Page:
Last week Sunday, I saw a little white girl playing with a black raggedy doll in church, it was her doll and she was very fond of it. It didn’t seem unusual to her or her parents, she is all of one and a half, but for a time it stuck with me because I’ve never seen this before, its normally the other way round. It got me thinking even more about the new Barbie dolls, “fashionista” line. Growing up Barbie was my go to doll, I had near enough every single Barbie made, even the controversial pregnant Barbie with baby and baby daddy Ken. Which also prompted that dreaded question parents love to hate to be asked. Deedee doll, remember her, she was Barbie’s black friend and I had her in my stead too, along with a bunch of cabbage patch kids. Fast forward decades later, as an aunt to five nieces and a godmother to one goddaughter, I have never bought a Barbie doll for any one of them. Dolls don’t rack up the christmas present list like it used to back in my day, its all iPad, and iPhone and make up etc. Back then there wasn’t any talk of the absence of black Barbie because there were substitutes, but none had the staying power Barbie did.
But, as I said, times have changed, our thinking is broader, and over the years the stigmatic aesthetic of Barbie’s beauty has been called into question and called out. The audience is wiser and more diverse, and as a result Barbie has stalled and sales plummeted. Thanks in no small part to the many Disney characters and technology, Barbie is stuck in a time warp that little girls just don’t have don’t have time for. The internet has blown the conversation wide open and what was once controversial is the topic on the playground, the wiser we became the more redundant Barbie was, and quite frankly, ridiculous in her picture perfect world. Her conversations are never smart, her perfect outlook reminds us that she is mostly to be seen and not heard, and she never ages. Diversity? What diversity.
We didn’t know it back then, but Barbie was a danger to our psyche, her looks, often seen as the “perfect” body type were unreal, yet her standards were the ones we aspired to because we knew no better, there wasn’t any real competition. Deedee faded into obscurity, cabbage patch kids became childish past a certain age, so Barbie was all we had, the leggy buxom blonde with teeny waistline, and perfect thigh gap. Does curvy Barbie had a thigh gap?
In its effort to first and foremost address its bottomline, Mattel, Barbie’s parent company revealed a set of other Barbies “Fashionistas” ranging in size and skin tone; tall, petite, curvy etc. and a variety of hair texture. Let’s call a spade a spade, its not mere coincidence that after plummeting sales of about 20% between 2012 and 2014, according to an article in TIME, without an end in sight, Mattel thought to do something other than what it has been doing the past half a century and some odd. The fashionista line has 33 new dolls in 7 different skin tones, and 24 hair textures. Yep. Barbie is serious about growing up and getting paid it seems- if this works it will strengthen her bottomline.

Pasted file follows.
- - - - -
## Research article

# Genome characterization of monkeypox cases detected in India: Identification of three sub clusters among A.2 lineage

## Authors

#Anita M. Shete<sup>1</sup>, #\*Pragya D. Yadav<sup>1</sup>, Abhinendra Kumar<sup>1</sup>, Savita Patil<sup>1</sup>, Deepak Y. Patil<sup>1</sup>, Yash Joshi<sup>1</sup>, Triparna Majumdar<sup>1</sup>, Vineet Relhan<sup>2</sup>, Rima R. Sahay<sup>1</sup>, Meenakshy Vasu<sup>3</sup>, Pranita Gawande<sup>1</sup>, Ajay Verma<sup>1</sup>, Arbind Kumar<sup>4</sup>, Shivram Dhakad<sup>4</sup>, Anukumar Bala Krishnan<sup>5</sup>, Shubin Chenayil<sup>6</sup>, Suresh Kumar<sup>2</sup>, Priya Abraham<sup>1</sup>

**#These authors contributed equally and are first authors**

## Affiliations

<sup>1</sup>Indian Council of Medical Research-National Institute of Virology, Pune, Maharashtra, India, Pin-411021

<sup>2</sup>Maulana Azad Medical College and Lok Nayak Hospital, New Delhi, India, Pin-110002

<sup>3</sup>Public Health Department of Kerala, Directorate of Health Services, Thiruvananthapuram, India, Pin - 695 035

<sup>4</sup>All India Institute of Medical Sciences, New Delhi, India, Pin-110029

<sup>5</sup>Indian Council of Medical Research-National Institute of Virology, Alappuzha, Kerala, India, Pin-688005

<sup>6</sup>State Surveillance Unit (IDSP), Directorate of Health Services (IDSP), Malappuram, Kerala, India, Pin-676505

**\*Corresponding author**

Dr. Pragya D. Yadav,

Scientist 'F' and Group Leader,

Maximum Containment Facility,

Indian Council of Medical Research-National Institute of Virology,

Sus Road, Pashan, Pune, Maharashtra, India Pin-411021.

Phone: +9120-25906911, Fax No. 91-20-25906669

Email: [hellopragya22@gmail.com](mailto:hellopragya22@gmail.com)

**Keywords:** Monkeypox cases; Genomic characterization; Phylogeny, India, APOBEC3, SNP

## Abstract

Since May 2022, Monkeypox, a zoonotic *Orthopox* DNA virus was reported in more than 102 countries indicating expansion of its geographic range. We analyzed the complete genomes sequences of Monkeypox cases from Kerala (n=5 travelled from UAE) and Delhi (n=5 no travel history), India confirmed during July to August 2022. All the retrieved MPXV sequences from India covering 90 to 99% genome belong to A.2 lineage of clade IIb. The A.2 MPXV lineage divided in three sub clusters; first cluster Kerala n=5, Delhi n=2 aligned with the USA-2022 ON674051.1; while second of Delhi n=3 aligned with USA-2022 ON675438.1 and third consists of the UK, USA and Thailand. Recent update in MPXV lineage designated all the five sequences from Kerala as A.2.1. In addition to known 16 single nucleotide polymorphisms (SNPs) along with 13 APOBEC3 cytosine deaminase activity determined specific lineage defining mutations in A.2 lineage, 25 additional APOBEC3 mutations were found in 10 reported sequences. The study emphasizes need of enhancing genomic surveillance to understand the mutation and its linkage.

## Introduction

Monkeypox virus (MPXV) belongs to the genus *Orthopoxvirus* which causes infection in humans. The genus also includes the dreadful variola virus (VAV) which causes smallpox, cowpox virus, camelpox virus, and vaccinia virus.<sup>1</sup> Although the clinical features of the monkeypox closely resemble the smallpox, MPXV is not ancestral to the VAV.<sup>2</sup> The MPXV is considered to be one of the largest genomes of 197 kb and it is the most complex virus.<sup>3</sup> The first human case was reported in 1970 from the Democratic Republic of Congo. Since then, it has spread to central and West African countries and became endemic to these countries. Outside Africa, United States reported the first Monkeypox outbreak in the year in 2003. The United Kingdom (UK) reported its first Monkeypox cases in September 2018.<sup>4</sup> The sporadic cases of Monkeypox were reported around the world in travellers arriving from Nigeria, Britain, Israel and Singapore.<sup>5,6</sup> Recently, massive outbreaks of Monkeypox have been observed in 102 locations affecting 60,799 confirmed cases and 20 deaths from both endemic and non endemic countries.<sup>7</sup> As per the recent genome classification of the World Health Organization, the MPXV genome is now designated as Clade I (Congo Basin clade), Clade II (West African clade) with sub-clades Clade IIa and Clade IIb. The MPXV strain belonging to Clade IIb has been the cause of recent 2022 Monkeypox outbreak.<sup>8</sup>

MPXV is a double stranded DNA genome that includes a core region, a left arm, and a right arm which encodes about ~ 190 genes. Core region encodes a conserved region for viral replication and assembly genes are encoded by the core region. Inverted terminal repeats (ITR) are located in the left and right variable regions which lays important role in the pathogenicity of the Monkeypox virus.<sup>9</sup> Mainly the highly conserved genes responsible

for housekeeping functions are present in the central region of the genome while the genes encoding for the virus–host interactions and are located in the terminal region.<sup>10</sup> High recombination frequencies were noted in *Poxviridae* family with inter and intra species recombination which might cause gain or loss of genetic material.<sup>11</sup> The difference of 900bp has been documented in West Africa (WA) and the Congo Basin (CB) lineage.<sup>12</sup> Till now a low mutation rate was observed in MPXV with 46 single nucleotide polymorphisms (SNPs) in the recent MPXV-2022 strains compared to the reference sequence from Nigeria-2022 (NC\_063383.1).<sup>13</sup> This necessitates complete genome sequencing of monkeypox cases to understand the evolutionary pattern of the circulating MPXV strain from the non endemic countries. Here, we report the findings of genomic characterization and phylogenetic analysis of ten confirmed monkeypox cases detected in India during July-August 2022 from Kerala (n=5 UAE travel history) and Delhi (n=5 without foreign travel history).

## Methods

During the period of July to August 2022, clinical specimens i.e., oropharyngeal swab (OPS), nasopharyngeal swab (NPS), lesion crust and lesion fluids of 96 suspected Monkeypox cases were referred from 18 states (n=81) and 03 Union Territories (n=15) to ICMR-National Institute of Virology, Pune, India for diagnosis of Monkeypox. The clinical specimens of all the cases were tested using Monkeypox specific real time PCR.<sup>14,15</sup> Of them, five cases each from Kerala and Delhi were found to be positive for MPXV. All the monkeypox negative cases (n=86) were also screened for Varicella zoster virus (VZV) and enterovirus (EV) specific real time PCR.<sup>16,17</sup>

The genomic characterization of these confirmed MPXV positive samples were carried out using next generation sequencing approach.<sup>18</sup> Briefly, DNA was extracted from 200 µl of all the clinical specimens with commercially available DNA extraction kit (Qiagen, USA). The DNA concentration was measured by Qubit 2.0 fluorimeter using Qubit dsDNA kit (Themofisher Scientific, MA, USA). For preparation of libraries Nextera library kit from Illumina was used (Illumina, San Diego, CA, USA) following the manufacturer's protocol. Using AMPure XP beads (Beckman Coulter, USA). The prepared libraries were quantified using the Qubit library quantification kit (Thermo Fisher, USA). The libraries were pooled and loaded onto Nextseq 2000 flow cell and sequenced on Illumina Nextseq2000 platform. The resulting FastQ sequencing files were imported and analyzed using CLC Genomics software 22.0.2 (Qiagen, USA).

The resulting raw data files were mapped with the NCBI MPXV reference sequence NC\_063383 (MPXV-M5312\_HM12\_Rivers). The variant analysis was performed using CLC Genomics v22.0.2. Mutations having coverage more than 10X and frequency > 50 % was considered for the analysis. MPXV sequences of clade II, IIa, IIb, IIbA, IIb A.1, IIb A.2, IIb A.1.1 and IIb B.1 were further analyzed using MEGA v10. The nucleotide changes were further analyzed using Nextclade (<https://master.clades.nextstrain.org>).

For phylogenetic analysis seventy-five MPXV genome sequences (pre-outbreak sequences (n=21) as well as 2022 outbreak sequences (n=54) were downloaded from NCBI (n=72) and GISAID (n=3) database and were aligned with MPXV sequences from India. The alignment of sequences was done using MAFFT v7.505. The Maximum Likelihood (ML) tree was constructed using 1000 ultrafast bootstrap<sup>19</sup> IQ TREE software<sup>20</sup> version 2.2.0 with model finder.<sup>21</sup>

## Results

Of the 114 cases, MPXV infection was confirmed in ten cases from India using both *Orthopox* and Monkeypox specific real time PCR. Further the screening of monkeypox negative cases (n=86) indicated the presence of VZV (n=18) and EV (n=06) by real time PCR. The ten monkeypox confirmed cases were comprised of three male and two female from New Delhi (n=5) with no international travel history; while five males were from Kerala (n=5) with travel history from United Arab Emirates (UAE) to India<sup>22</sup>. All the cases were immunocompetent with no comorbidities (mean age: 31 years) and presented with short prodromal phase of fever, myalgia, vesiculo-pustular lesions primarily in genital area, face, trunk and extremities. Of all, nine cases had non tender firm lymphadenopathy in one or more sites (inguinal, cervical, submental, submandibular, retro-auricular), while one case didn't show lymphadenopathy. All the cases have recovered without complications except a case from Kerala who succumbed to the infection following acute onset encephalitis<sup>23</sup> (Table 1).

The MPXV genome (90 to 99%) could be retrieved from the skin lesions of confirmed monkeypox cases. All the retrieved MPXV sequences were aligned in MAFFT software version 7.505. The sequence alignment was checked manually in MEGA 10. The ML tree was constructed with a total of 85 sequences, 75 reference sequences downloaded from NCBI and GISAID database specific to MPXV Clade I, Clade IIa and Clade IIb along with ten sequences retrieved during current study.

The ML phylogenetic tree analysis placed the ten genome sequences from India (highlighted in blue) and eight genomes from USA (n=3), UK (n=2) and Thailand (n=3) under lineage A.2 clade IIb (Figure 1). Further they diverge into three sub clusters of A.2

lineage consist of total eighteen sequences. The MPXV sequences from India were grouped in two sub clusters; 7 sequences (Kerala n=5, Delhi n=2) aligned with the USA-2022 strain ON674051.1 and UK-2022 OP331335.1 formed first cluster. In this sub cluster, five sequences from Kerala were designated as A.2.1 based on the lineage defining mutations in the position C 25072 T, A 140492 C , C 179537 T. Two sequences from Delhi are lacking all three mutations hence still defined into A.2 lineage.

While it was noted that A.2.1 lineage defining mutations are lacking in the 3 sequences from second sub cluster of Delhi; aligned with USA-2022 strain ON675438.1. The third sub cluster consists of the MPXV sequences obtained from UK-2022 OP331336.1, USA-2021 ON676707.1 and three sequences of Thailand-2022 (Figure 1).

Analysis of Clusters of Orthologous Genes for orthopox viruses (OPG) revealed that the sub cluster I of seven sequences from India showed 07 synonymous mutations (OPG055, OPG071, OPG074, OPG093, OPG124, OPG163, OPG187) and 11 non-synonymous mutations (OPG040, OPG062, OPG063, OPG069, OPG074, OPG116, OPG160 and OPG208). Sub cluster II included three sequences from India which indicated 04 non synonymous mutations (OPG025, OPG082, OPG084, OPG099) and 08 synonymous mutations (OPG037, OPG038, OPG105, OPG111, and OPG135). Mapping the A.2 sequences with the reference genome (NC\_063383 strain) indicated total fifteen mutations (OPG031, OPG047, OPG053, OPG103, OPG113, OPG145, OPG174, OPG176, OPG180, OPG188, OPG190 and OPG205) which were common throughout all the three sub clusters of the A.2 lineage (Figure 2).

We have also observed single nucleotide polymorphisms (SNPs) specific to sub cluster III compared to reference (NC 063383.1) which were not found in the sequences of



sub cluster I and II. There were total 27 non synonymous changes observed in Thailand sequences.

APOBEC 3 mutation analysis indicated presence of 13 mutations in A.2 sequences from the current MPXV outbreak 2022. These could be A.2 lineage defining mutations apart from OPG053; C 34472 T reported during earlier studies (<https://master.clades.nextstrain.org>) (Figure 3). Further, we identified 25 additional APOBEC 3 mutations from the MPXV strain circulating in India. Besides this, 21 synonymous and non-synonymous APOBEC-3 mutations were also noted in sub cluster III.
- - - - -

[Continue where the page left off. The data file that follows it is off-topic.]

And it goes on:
Its a step, a baby step not a leap, but we’ll take it if it means little girls, all little girls, will see themselves reflected in one of the world’s most iconic figures as one and the same, as equal not other. The battle is not over for Barbs however, this is a whole new stage of competition she is wading into. If she wants to win the war she has to do away with her labels; tall, petite, curvy, original etc. I have never been a fan of labels because it pigeonholes a person in mind and ability. This is a world vastly unfamiliar to her, the arena is filled with voices other than hers, telling young girls they can do more and be more, talking about #blackgirlmagic, Latinas shattering the hollywood glass ceiling, fuller figured women annihilating this archaic sense of beauty, and an exceptional roaster of women to aspire to. All good for us, but Barbie for Barbie and her business. There might still be an audience for her, but the true test lies in how long she can hold their attention. Today’s audience has evolved quicker than Barbie can and she might find her perfect stilettoed step out of sync with our stomping boots but if she wants to stay alive, she has to come harder, but be warned; it won’t be easy. She is not trying to be black Barbie dressed in Bvlgari trying to leave in somebody’s Ferrari… sorry I had to, but she has to be the driver in her own Bentley. Chauffeur driven is good to.
It is hard, I would admit, for a doll who was created to be the perfect woman; primped and pampered, and was handed the world only on her pretty, not achievements, for over fifty years to dance to a different rhythm. She is not saving the world, rather she is constantly the damsel in distress in need of saving by Ken or some other male figure. Her dialogue remains as stilted as the plastic she embodies, meaning her interests remains just as basic. The problem doesn’t just lie with Barbie however, leader of the pack that she is, Hollywood and its double standard against women, putting them a step behind their male counterparts, paying them less, and closing ranks in the all boys club at the top. Women have had to push their way through, make louder noises for their voices to be heard, and it still is not enough.
Its unfair the the critique should stop with her, but the plastic doll is the one who got caught with her hand in the cookie jar too many times.